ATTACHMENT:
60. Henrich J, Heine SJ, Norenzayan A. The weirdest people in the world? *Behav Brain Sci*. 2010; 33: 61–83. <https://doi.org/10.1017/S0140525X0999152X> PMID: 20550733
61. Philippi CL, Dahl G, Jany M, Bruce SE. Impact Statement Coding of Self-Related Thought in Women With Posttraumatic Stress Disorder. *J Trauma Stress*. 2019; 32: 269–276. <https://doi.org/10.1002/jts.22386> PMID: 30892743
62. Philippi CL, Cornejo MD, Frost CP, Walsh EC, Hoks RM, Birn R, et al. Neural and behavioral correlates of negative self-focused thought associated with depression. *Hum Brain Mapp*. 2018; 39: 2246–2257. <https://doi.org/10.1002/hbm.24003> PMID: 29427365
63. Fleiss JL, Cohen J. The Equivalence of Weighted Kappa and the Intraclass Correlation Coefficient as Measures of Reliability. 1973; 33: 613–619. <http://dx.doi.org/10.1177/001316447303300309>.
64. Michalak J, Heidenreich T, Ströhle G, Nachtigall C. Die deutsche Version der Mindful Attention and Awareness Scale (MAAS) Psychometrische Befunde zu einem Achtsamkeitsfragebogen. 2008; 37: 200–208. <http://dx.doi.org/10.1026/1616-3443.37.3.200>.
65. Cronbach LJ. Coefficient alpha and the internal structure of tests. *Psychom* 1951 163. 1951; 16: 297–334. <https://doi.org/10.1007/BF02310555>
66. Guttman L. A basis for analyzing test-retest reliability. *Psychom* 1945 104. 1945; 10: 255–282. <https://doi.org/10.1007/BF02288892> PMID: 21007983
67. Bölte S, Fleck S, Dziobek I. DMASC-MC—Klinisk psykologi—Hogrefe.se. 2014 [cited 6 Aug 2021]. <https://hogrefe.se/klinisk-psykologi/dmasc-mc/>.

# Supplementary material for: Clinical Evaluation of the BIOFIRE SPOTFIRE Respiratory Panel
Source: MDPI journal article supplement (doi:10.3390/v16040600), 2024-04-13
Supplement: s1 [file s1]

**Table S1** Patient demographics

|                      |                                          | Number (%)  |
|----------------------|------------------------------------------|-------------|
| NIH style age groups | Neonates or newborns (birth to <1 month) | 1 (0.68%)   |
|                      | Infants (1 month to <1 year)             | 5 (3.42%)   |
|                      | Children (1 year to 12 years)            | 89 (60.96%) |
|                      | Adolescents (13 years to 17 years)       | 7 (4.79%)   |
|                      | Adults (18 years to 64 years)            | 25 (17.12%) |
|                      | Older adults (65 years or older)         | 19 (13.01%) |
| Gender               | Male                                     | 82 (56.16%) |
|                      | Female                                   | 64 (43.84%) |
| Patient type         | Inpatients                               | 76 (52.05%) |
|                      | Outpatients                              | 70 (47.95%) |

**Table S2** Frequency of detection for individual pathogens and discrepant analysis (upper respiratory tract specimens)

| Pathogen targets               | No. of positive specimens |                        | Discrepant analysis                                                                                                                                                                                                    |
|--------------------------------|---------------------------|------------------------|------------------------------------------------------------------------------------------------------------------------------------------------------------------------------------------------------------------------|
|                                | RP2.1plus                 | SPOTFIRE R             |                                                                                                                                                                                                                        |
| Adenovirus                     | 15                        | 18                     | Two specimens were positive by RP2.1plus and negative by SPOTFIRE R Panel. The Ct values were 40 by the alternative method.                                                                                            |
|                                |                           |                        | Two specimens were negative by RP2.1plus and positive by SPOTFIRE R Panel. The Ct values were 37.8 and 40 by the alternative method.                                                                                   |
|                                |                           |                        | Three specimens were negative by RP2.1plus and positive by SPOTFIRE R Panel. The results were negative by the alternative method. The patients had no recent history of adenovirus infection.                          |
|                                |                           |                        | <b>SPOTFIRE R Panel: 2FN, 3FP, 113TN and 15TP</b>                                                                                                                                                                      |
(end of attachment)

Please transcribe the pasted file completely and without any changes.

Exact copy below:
60. Henrich J, Heine SJ, Norenzayan A. The weirdest people in the world? *Behav Brain Sci*. 2010; 33: 61–83. <https://doi.org/10.1017/S0140525X0999152X> PMID: 20550733
61. Philippi CL, Dahl G, Jany M, Bruce SE. Impact Statement Coding of Self-Related Thought in Women With Posttraumatic Stress Disorder. *J Trauma Stress*. 2019; 32: 269–276. <https://doi.org/10.1002/jts.22386> PMID: 30892743
62. Philippi CL, Cornejo MD, Frost CP, Walsh EC, Hoks RM, Birn R, et al. Neural and behavioral correlates of negative self-focused thought associated with depression. *Hum Brain Mapp*. 2018; 39: 2246–2257. <https://doi.org/10.1002/hbm.24003> PMID: 29427365
63. Fleiss JL, Cohen J. The Equivalence of Weighted Kappa and the Intraclass Correlation Coefficient as Measures of Reliability. 1973; 33: 613–619. <http://dx.doi.org/10.1177/001316447303300309>.
64. Michalak J, Heidenreich T, Ströhle G, Nachtigall C. Die deutsche Version der Mindful Attention and Awareness Scale (MAAS) Psychometrische Befunde zu einem Achtsamkeitsfragebogen. 2008; 37: 200–208. <http://dx.doi.org/10.1026/1616-3443.37.3.200>.
65. Cronbach LJ. Coefficient alpha and the internal structure of tests. *Psychom* 1951 163. 1951; 16: 297–334. <https://doi.org/10.1007/BF02310555>
66. Guttman L. A basis for analyzing test-retest reliability. *Psychom* 1945 104. 1945; 10: 255–282. <https://doi.org/10.1007/BF02288892> PMID: 21007983
67. Bölte S, Fleck S, Dziobek I. DMASC-MC—Klinisk psykologi—Hogrefe.se. 2014 [cited 6 Aug 2021]. <https://hogrefe.se/klinisk-psykologi/dmasc-mc/>.

# Supplementary material for: Clinical Evaluation of the BIOFIRE SPOTFIRE Respiratory Panel
Source: MDPI journal article supplement (doi:10.3390/v16040600), 2024-04-13
Supplement: s1 [file s1]

**Table S1** Patient demographics

|                      |                                          | Number (%)  |
|----------------------|------------------------------------------|-------------|
| NIH style age groups | Neonates or newborns (birth to <1 month) | 1 (0.68%)   |
|                      | Infants (1 month to <1 year)             | 5 (3.42%)   |
|                      | Children (1 year to 12 years)            | 89 (60.96%) |
|                      | Adolescents (13 years to 17 years)       | 7 (4.79%)   |
|                      | Adults (18 years to 64 years)            | 25 (17.12%) |
|                      | Older adults (65 years or older)         | 19 (13.01%) |
| Gender               | Male                                     | 82 (56.16%) |
|                      | Female                                   | 64 (43.84%) |
| Patient type         | Inpatients                               | 76 (52.05%) |
|                      | Outpatients                              | 70 (47.95%) |

**Table S2** Frequency of detection for individual pathogens and discrepant analysis (upper respiratory tract specimens)

| Pathogen targets               | No. of positive specimens |                        | Discrepant analysis                                                                                                                                                                                                    |
|--------------------------------|---------------------------|------------------------|------------------------------------------------------------------------------------------------------------------------------------------------------------------------------------------------------------------------|
|                                | RP2.1plus                 | SPOTFIRE R             |                                                                                                                                                                                                                        |
| Adenovirus                     | 15                        | 18                     | Two specimens were positive by RP2.1plus and negative by SPOTFIRE R Panel. The Ct values were 40 by the alternative method.                                                                                            |
|                                |                           |                        | Two specimens were negative by RP2.1plus and positive by SPOTFIRE R Panel. The Ct values were 37.8 and 40 by the alternative method.                                                                                   |
|                                |                           |                        | Three specimens were negative by RP2.1plus and positive by SPOTFIRE R Panel. The results were negative by the alternative method. The patients had no recent history of adenovirus infection.                          |
|                                |                           |                        | <b>SPOTFIRE R Panel: 2FN, 3FP, 113TN and 15TP</b>                                                                                                                                                                      |